So first of all, wombats poop a lot! Each act of defecation only counts 4-8 pieces, but they manage to create a total of 80-100 pieces of feces per night! But the really cool part is that the pieces are cubes.
The wombat is the only known animal that creates a square deposit, and scientists have been baffled at the mechanisms that make that happen. It is only recently that scientists have discovered how wombats accomplish this feat. It turns out that the cubes are not shaped at the point of exit, but instead higher up in the tract, where the rhythm of contraction and expansion within the wombat’s intestines create straight edges in the waste. A 2021 study summarized in Science magazine details how wombats have regions of their intestinal tracts of varied stiffness and thickness.
“The stiffer portions are “like a stiff rubber band—[they’re] going to contract faster than the soft regions,” says David Hu, a biomechanics researcher at the Georgia Institute of Technology and author on the study. Softer intestinal regions squeeze slowly and mold the final corners of the cube, the team found. In other mammals, the wavelike peristalsis of the intestinal muscles are consistent in all directions. But in the wombat, the grooved tissue and the irregular contractions over many cycles shape firm, flat-sided cubes.”
There is a lot of study happening right now about how to replicate this procedure in manufacturing. I guess humans have a couple ways we currently make cubes, and the mechanics of the wombat’s intestines are completely new to us. Once we understand it, look out for new cube factories near you!
In 2020 bushfires raged across Victoria, Australia, killing about 3 billion animals. Now living in the USA, about 10,000 miles away from my once-home, I cried at the videos on the news of animals fleeing, people trapped on beaches, and smoke hundreds of miles away so thick it obscured the Sydney Opera House from view, even if you were standing on the nearby wharf.
But then a story emerged, a story of triumph and compassion. Apparently, during the fires, wombats opened their burrows to other creatures. Smaller rodents, birds, and lizards were observed taking shelter underground, and even sheep and small horses joined in! Remember how I mentioned earlier that wombats like their solitude? Well, they may not be keen on sharing with other wombats, but small birds and lizards regularly take cover from the blazing sun in the homes they dig. And during the fires the number of animals welcomed in grew massively.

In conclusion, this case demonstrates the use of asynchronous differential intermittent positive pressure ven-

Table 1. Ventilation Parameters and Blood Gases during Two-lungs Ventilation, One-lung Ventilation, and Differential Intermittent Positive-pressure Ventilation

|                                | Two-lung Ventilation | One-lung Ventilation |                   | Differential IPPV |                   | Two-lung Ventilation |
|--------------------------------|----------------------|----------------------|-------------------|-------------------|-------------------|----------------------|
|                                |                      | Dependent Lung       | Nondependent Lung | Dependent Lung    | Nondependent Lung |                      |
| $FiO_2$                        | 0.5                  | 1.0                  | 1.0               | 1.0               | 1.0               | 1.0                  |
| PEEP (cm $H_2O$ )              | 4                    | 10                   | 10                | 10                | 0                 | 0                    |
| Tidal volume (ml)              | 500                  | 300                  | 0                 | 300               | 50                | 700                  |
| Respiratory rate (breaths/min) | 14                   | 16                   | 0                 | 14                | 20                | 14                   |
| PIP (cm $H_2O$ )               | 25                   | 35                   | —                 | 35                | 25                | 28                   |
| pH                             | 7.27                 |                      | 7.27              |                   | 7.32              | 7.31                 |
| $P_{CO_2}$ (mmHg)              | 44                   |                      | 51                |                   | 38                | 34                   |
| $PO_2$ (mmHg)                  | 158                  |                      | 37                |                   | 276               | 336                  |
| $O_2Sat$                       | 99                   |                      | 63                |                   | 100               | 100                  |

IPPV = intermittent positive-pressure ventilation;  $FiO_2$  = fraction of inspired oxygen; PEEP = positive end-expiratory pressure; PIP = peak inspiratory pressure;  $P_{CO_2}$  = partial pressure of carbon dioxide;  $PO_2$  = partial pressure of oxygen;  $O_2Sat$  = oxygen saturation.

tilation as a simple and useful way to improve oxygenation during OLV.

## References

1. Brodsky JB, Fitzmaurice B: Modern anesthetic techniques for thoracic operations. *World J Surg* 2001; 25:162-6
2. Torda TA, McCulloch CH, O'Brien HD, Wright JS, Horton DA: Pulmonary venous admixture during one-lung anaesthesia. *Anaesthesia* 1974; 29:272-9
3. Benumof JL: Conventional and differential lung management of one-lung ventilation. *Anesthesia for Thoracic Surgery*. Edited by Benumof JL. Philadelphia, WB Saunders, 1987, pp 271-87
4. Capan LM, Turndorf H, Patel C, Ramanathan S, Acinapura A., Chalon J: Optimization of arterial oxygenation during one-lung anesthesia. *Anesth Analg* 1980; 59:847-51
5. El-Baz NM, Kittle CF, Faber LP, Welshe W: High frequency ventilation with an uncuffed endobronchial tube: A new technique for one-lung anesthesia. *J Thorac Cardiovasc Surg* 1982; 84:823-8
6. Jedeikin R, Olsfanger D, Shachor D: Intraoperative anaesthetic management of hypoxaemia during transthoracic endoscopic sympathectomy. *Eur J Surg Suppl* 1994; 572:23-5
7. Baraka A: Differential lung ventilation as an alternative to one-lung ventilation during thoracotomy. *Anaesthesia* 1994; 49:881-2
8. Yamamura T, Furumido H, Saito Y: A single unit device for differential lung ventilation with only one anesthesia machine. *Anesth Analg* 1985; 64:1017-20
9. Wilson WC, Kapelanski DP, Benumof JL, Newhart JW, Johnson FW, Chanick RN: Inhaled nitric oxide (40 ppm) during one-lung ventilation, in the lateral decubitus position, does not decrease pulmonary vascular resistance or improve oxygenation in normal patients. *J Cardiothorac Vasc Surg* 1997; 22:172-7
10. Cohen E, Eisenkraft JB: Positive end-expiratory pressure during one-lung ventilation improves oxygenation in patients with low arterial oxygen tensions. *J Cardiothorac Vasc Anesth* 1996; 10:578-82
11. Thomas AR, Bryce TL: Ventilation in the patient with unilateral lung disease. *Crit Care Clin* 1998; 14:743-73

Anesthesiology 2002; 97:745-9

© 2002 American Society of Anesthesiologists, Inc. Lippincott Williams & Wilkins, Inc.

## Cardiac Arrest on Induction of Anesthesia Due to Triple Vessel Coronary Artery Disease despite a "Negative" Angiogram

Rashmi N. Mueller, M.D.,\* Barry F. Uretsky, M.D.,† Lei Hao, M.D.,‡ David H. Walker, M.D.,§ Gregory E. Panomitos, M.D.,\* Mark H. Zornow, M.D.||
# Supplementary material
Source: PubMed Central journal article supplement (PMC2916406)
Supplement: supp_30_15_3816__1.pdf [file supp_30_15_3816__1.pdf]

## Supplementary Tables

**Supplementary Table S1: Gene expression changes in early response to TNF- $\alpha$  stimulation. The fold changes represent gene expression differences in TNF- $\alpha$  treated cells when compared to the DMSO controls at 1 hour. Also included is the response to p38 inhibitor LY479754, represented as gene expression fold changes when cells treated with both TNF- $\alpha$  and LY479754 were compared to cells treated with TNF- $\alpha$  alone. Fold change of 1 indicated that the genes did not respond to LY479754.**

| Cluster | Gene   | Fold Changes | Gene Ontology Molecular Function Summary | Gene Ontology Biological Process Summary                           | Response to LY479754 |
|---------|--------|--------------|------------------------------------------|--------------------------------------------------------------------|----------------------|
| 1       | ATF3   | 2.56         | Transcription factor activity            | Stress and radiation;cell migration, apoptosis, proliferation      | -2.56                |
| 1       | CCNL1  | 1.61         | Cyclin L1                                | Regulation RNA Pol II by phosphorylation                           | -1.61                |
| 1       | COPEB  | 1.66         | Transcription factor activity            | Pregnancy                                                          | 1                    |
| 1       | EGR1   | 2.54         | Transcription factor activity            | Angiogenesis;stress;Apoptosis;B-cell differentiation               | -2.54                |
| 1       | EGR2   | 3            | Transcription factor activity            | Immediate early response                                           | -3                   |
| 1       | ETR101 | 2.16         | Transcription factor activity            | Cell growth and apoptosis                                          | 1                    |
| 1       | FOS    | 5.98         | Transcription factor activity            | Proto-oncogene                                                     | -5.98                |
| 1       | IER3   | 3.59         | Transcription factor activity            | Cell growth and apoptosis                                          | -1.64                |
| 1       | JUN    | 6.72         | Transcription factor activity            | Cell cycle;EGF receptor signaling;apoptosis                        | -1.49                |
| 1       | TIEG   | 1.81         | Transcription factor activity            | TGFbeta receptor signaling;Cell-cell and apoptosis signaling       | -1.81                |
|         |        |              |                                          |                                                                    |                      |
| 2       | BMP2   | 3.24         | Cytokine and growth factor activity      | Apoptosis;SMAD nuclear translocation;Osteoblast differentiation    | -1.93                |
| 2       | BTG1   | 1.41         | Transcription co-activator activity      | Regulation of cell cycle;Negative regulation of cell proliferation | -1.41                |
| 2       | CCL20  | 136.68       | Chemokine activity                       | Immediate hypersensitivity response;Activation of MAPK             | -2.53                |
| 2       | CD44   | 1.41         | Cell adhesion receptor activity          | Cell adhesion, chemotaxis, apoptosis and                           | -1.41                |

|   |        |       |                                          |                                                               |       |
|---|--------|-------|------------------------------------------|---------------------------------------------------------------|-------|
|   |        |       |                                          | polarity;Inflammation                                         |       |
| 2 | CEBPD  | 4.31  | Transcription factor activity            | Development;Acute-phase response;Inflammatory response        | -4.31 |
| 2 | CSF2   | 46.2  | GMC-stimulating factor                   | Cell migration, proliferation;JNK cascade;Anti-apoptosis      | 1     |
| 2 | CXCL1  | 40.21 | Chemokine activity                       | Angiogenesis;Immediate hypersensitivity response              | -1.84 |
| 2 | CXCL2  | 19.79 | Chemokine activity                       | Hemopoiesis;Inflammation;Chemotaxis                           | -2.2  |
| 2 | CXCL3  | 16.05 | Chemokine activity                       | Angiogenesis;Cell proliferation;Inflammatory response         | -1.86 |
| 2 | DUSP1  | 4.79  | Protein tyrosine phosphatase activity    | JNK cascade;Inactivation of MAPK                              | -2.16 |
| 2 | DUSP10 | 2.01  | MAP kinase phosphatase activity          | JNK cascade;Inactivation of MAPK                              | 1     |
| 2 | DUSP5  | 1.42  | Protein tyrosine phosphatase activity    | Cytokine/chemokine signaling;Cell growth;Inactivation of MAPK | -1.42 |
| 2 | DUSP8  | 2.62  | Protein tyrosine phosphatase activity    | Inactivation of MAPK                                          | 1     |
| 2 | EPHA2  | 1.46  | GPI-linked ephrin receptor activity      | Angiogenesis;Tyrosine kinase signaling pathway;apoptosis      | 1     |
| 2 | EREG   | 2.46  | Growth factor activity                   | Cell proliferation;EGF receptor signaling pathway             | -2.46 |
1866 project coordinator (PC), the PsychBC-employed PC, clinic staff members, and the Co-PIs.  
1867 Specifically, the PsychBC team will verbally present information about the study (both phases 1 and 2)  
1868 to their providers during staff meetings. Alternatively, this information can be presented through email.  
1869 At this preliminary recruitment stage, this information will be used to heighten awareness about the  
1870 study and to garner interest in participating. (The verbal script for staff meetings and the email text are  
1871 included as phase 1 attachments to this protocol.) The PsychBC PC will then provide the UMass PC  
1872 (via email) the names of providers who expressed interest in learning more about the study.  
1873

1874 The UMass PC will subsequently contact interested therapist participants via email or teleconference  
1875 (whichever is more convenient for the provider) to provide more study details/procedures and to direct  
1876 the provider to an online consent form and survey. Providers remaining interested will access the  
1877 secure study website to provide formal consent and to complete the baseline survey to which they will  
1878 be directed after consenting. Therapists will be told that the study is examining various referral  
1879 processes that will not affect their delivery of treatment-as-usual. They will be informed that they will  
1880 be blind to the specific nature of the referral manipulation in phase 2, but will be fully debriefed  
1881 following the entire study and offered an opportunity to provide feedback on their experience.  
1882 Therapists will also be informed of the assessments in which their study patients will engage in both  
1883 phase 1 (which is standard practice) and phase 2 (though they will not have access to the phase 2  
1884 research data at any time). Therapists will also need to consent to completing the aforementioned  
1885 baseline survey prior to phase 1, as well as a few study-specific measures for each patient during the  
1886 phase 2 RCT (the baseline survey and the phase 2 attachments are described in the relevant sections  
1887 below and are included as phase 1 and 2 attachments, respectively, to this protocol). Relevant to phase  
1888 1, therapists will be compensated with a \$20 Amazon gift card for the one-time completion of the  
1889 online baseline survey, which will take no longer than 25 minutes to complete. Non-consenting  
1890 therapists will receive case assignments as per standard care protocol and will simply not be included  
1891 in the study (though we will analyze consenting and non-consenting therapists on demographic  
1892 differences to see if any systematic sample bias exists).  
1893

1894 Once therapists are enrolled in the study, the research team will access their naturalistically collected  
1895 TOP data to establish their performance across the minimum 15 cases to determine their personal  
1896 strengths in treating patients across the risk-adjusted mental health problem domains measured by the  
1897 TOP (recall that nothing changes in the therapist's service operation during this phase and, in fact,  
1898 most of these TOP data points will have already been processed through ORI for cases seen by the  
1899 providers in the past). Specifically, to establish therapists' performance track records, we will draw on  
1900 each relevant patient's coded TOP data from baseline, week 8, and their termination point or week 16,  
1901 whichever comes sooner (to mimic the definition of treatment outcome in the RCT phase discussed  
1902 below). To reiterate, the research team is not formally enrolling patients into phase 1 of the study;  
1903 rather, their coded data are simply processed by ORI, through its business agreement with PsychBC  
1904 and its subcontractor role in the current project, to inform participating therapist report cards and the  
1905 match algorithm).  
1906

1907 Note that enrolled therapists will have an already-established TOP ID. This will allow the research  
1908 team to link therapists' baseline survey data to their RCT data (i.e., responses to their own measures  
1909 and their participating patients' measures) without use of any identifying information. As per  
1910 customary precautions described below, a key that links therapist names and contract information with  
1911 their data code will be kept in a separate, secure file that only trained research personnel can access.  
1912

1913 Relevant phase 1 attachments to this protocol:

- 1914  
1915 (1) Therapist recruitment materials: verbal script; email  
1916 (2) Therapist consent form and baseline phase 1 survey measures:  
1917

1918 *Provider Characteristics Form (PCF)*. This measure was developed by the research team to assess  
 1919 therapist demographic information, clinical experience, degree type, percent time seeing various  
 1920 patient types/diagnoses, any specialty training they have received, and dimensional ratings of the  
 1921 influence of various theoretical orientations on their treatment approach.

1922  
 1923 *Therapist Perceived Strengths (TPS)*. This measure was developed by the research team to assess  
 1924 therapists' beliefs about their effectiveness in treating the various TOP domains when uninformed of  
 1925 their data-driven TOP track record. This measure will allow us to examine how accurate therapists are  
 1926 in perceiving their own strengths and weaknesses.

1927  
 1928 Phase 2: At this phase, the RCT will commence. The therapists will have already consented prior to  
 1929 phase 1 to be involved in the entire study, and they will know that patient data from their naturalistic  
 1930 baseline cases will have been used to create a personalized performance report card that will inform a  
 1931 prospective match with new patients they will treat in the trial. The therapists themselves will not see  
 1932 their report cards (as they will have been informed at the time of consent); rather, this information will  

Even when the Earth is not a blazing hellscape, it might still feel extremely hostile due to the intensity of the Australian midday sun. In these conditions, water is hard to come by. As small pools of water – called billabongs – dry up, the wombat will dig down until it reaches water again, expanding the hole so that all can use it. A variety of animals have been observed quenching their thirst at a wombat’s hole.
The wombat may be slow, small, and too cute to take seriously, but they still do serious work. So if you’re ever stranded in the Australian desert, desperate for water, just look for the wombat and then remember to pay their generosity forward.
By Julia Eden
With a passion born in rivers, Julia Eden has spent the last decade crusading for the environment. Educated in Pacific Northwest native flora, decentralized water retention, and holistic land management, she is dedicated to living a new and better life. While not quite a Luddite, she would very much like to live in a cave with a wolf and an internet connection.